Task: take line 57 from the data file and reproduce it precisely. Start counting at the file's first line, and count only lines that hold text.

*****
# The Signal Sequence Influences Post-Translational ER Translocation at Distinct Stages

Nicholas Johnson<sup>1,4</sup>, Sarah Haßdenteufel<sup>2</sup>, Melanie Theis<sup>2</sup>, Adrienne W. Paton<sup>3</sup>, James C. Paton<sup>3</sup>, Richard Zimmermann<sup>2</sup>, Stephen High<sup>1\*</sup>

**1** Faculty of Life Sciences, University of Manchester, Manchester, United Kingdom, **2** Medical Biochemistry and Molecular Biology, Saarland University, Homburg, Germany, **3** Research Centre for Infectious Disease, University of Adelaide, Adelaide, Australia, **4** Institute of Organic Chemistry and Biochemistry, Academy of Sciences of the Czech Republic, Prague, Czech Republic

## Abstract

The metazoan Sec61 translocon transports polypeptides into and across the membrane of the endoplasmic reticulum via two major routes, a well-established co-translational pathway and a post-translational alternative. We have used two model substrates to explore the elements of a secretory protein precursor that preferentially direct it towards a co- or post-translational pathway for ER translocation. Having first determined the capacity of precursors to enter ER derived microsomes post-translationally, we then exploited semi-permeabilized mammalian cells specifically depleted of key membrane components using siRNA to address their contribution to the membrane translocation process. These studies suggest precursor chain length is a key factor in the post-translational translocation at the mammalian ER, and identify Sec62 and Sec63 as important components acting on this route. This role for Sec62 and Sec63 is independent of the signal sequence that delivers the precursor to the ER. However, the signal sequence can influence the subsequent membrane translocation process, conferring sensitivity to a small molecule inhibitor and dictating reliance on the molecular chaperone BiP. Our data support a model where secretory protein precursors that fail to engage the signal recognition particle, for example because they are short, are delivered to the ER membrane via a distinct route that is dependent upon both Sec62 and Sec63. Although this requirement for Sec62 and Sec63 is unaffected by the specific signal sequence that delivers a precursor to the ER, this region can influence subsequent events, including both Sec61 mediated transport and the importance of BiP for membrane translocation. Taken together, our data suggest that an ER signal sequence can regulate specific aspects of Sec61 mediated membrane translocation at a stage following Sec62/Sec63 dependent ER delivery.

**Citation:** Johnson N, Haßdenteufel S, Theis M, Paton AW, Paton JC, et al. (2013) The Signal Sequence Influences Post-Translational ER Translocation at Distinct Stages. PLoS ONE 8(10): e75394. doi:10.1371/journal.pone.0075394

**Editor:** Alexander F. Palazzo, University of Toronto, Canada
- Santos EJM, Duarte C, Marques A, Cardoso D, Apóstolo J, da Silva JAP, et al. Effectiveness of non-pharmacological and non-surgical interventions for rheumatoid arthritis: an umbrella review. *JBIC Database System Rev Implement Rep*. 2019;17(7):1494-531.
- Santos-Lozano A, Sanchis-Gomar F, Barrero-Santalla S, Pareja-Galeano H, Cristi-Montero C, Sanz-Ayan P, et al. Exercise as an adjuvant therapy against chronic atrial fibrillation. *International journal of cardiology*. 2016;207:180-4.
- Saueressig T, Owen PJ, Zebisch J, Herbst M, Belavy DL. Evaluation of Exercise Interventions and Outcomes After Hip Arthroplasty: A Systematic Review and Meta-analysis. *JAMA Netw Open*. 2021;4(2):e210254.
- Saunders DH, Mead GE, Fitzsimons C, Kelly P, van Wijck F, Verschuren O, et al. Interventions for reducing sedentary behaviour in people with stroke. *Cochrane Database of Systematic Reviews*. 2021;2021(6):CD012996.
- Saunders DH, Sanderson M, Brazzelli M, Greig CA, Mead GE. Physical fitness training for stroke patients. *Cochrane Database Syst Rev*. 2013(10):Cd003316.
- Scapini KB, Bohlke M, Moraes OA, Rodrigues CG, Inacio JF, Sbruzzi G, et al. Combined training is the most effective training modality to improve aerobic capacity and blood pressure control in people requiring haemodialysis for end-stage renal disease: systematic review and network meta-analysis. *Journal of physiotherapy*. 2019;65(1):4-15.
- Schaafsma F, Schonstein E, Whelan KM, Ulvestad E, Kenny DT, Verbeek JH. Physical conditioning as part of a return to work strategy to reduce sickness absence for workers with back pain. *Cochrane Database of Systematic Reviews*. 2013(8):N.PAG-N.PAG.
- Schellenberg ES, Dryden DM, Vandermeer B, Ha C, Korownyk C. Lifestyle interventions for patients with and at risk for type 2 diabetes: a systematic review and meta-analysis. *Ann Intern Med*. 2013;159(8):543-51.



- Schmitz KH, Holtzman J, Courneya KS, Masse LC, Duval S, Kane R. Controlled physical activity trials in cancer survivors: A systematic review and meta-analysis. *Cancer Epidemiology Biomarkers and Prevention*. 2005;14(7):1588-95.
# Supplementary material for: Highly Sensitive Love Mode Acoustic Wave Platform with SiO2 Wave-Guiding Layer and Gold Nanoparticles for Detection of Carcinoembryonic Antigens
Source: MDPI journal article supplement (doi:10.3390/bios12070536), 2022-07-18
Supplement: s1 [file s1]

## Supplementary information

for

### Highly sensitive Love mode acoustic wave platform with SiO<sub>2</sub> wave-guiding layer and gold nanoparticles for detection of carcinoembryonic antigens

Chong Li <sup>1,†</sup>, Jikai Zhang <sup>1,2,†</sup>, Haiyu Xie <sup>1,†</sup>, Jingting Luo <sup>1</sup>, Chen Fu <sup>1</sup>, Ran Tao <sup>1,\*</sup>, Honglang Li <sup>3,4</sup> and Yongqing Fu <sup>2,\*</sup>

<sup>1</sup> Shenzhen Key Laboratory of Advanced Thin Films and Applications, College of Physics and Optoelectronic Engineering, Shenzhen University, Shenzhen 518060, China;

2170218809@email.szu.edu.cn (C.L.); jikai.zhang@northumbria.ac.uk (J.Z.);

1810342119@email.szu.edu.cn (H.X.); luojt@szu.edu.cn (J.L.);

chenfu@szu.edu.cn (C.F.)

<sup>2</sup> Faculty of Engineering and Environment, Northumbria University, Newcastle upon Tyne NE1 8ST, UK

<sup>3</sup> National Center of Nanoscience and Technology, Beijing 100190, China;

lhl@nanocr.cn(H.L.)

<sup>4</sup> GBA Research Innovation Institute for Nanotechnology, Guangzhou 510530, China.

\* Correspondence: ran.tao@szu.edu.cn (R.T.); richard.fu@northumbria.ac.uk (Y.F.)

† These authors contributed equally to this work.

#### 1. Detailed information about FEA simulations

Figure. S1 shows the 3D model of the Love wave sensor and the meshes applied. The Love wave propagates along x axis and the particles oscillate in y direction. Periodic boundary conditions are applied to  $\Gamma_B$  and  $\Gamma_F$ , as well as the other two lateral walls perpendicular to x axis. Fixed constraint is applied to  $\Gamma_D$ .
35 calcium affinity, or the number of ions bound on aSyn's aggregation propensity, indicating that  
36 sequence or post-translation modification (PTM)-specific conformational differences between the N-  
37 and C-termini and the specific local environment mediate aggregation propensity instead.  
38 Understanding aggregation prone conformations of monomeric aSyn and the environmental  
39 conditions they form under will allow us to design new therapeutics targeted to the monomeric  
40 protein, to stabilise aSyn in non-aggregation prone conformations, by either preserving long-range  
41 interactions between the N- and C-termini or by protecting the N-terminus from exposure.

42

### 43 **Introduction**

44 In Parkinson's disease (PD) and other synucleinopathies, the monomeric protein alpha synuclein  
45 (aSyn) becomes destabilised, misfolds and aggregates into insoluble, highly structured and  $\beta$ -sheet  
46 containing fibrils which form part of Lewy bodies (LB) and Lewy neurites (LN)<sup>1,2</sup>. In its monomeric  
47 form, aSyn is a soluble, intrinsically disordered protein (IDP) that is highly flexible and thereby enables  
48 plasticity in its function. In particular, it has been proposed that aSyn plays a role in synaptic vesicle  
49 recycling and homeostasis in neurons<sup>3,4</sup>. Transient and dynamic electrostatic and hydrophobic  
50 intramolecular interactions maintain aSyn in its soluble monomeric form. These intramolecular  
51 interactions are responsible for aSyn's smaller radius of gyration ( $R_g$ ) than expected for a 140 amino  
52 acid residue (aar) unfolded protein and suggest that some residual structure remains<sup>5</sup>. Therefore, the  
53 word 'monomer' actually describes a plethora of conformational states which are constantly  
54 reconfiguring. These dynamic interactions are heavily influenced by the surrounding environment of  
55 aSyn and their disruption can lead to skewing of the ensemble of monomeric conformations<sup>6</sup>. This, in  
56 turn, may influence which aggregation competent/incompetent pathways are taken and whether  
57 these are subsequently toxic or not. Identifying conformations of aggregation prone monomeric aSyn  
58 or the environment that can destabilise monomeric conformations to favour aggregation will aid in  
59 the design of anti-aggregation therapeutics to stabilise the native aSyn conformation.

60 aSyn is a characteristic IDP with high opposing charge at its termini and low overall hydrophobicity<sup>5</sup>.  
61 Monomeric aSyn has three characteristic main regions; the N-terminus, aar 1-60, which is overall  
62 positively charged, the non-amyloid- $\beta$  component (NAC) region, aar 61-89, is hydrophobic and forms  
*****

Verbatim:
56 turn, may influence which aggregation competent/incompetent pathways are taken and whether  